Being involved in charity events is important for me because I’m keen to help people whenever possible, I’m a very empathetic person. I feel like I can easily relate to the emotional experiences of others, which can be difficult at times, but also allows me greater insight, which I think makes me a better artist. It can also help contextualize my own challenges and being able to step back and have more a worldview in that regard is always enlightening for me. And to know that as an artist I can contribute something tangible to help raise awareness or funding in support of a worthy cause is very gratifying and meaningful. I appreciate the opportunity.
Philosophically, physically, metaphysically, what does the future hold for you? Are there any mediums you’d like to work with, or people you’d like to collaborate with? It’s really about continuing to expand in all disciplines – I have a lot of room for improvement spiritually and creatively, and want to continue to keep increasing my knowledge base as it pertains to philosophy and our current social conditions. I plan to keep doing the inner work I need to do to elevate my consciousness, and hopefully will inspire those around me to do the same. As an artist I feel I have a lot more to give, in fact I know I haven’t done my best work yet, so I’ll continue pushing for those breakthroughs and to transmit positive messages
I do want to experiment with other mediums – I’ve been thinking a lot about film and sculpture lately – so I’ll have to make room to delve deeper into those disciplines somewhere along the way. And I love collaborating – I have a bunch of artists in mind for a big collaborative exhibition that will have a charity component to it. I really enjoy synergistic projects, which I’ve barely scratched the surface of, so I’m excited to continue building in that direction.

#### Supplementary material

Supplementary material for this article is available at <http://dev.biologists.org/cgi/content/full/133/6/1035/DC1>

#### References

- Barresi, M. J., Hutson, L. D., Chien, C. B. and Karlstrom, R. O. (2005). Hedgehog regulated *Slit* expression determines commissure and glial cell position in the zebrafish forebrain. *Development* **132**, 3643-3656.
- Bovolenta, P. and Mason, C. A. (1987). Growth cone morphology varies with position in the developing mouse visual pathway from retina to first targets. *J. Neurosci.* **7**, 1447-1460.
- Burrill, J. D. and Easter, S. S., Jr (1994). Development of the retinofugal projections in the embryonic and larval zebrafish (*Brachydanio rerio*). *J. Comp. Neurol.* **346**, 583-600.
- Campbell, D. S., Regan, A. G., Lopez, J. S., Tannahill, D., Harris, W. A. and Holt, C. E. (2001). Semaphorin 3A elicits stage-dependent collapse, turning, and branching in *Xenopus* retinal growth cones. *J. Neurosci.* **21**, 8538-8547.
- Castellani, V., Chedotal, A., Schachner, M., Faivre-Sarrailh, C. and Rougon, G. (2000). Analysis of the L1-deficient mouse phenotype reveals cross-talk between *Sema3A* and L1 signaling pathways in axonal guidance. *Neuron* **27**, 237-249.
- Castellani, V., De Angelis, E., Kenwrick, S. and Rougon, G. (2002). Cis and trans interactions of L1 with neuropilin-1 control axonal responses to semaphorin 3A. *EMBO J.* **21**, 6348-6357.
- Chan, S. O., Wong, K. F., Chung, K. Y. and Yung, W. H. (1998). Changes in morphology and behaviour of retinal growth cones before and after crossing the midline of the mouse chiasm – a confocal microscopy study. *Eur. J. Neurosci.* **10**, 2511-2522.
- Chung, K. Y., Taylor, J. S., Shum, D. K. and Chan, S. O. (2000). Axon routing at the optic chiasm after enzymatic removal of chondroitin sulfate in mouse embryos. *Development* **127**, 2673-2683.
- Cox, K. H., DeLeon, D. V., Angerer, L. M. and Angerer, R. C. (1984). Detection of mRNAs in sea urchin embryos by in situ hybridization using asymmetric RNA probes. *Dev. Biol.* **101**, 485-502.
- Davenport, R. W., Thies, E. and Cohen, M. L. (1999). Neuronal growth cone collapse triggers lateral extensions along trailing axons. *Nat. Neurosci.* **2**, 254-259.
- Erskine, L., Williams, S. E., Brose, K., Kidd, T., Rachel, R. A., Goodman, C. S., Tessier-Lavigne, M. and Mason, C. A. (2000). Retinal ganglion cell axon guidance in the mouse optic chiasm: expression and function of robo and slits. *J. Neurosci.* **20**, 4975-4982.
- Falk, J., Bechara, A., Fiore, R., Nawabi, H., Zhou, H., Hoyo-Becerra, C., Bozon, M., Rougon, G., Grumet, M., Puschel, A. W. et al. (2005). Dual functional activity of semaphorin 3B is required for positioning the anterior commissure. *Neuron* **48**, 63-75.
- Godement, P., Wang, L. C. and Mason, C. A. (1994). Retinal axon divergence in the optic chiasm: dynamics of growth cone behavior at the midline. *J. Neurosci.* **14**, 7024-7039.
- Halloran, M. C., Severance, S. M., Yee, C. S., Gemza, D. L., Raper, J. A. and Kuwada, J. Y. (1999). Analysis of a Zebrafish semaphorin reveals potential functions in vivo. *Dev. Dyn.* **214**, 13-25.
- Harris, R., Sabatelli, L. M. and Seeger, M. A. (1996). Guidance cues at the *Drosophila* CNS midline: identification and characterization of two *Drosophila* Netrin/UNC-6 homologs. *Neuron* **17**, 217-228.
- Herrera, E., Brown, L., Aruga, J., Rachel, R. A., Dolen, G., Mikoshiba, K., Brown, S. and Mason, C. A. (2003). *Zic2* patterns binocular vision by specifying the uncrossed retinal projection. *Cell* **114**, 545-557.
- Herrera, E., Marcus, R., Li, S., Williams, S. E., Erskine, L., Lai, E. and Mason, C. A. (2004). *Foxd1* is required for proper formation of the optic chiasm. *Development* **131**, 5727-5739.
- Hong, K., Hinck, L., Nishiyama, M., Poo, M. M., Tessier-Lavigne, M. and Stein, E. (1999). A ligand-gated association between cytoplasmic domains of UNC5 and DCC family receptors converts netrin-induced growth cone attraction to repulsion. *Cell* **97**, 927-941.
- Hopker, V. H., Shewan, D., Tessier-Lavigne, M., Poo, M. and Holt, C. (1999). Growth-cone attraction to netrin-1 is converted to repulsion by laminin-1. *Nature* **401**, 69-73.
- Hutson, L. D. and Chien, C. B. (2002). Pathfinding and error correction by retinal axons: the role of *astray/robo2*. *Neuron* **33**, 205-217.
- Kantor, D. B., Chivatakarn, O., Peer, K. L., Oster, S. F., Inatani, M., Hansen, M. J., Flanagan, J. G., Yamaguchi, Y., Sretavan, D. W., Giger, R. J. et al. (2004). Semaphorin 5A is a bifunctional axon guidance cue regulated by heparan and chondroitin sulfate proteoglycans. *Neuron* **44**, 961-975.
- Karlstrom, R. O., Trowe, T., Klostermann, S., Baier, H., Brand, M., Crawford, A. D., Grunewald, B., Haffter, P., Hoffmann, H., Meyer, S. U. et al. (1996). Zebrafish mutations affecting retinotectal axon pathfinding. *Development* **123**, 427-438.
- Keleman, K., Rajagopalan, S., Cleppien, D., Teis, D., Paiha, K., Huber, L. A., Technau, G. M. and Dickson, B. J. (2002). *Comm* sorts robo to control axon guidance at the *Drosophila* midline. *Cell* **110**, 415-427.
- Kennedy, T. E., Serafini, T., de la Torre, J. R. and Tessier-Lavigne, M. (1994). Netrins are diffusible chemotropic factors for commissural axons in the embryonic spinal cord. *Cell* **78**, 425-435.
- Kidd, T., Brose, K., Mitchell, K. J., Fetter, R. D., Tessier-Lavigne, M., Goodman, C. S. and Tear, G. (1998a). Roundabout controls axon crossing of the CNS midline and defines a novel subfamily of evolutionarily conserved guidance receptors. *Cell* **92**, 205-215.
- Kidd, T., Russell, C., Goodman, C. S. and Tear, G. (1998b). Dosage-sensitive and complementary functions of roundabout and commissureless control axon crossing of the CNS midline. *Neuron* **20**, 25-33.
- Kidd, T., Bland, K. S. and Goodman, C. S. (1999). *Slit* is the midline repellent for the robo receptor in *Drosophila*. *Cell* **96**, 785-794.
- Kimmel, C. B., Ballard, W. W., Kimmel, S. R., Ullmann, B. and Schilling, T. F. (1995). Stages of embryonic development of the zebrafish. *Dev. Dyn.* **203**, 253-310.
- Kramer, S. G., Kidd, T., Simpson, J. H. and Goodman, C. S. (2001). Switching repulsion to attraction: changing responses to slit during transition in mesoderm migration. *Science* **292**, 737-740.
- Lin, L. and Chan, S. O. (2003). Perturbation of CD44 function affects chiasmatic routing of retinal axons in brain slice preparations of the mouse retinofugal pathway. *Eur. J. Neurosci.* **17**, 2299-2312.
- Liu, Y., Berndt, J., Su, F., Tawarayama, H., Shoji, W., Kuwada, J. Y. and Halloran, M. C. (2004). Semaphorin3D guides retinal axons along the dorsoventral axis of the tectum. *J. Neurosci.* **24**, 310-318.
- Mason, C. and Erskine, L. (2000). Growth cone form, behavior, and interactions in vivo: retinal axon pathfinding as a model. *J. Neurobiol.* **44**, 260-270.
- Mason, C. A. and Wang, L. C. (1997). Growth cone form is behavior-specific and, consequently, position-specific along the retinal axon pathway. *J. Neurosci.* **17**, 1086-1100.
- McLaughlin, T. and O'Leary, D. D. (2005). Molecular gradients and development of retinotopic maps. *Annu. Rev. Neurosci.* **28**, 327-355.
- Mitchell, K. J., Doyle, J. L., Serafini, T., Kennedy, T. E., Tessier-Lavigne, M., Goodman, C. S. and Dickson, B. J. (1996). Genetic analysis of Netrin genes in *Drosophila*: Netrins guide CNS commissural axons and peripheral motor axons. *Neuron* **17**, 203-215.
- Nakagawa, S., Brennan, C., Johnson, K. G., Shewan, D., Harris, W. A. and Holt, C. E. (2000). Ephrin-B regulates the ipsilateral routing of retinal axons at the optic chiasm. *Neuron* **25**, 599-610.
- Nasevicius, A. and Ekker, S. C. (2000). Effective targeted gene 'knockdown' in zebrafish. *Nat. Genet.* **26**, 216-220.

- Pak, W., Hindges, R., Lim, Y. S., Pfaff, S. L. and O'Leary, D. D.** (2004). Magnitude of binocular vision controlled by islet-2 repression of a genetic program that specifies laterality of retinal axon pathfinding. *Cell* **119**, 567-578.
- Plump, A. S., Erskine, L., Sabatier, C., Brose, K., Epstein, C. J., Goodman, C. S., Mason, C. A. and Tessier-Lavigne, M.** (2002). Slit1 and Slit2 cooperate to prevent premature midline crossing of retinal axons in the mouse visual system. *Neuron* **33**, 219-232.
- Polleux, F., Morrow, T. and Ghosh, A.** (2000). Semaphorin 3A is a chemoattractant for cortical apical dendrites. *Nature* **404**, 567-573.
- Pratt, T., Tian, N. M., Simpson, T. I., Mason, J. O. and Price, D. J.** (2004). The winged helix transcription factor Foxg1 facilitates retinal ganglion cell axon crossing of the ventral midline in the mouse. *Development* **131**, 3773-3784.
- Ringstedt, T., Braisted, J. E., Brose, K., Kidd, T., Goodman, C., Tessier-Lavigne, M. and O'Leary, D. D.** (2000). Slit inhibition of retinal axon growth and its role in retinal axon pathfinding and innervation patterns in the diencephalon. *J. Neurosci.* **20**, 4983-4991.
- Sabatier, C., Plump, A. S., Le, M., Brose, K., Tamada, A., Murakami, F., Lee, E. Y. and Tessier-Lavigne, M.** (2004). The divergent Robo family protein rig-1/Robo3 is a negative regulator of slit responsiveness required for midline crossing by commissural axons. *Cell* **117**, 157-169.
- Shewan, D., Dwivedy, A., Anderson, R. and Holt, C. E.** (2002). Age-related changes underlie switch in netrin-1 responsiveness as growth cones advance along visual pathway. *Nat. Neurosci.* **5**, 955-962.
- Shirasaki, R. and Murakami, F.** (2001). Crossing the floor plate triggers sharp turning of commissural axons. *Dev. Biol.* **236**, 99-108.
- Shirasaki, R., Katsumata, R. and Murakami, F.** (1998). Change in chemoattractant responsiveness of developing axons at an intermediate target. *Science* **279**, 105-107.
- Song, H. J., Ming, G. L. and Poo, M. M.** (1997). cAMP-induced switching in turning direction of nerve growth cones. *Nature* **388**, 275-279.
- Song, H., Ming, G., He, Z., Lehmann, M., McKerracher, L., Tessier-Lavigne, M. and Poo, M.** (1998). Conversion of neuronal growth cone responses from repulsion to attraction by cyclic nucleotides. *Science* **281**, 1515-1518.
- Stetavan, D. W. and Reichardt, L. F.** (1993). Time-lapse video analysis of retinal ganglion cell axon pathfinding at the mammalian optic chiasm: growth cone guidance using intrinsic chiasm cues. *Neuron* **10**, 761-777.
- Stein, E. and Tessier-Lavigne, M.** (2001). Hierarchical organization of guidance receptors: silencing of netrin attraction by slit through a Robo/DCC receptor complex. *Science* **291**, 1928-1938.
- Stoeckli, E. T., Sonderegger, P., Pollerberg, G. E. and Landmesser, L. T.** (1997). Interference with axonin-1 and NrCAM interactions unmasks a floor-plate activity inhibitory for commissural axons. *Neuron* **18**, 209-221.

And it is important that I further my efforts to give back on all levels, from charity organizations to mentoring and supporting younger artists. As I get older, the bigger picture is coming into view, there is still a long road ahead, but for now I’m focused on appreciating the journey.
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"Rare Groove" – re-worked this piece some, including this stencil move (which I had to go back and fix, of course! 😅). This painting will appear in the "My Music" exhibition at #LiquidityWines in British Columbia, opening Sept 9th… Many thanks to the extreeeemely dope models for this piece @nicholawola and @diandraforrest ! 🙏 More to come with Diandra soon! ⚡️Thanks to @thenataliechin for documenting me screwing up. We had fun 🎨🤷🏻♂️ #RareGroove #MyMusic #portraitpainting #portraitpainter #BamBam #SisterNancy #Canadianartist #BrooklynArt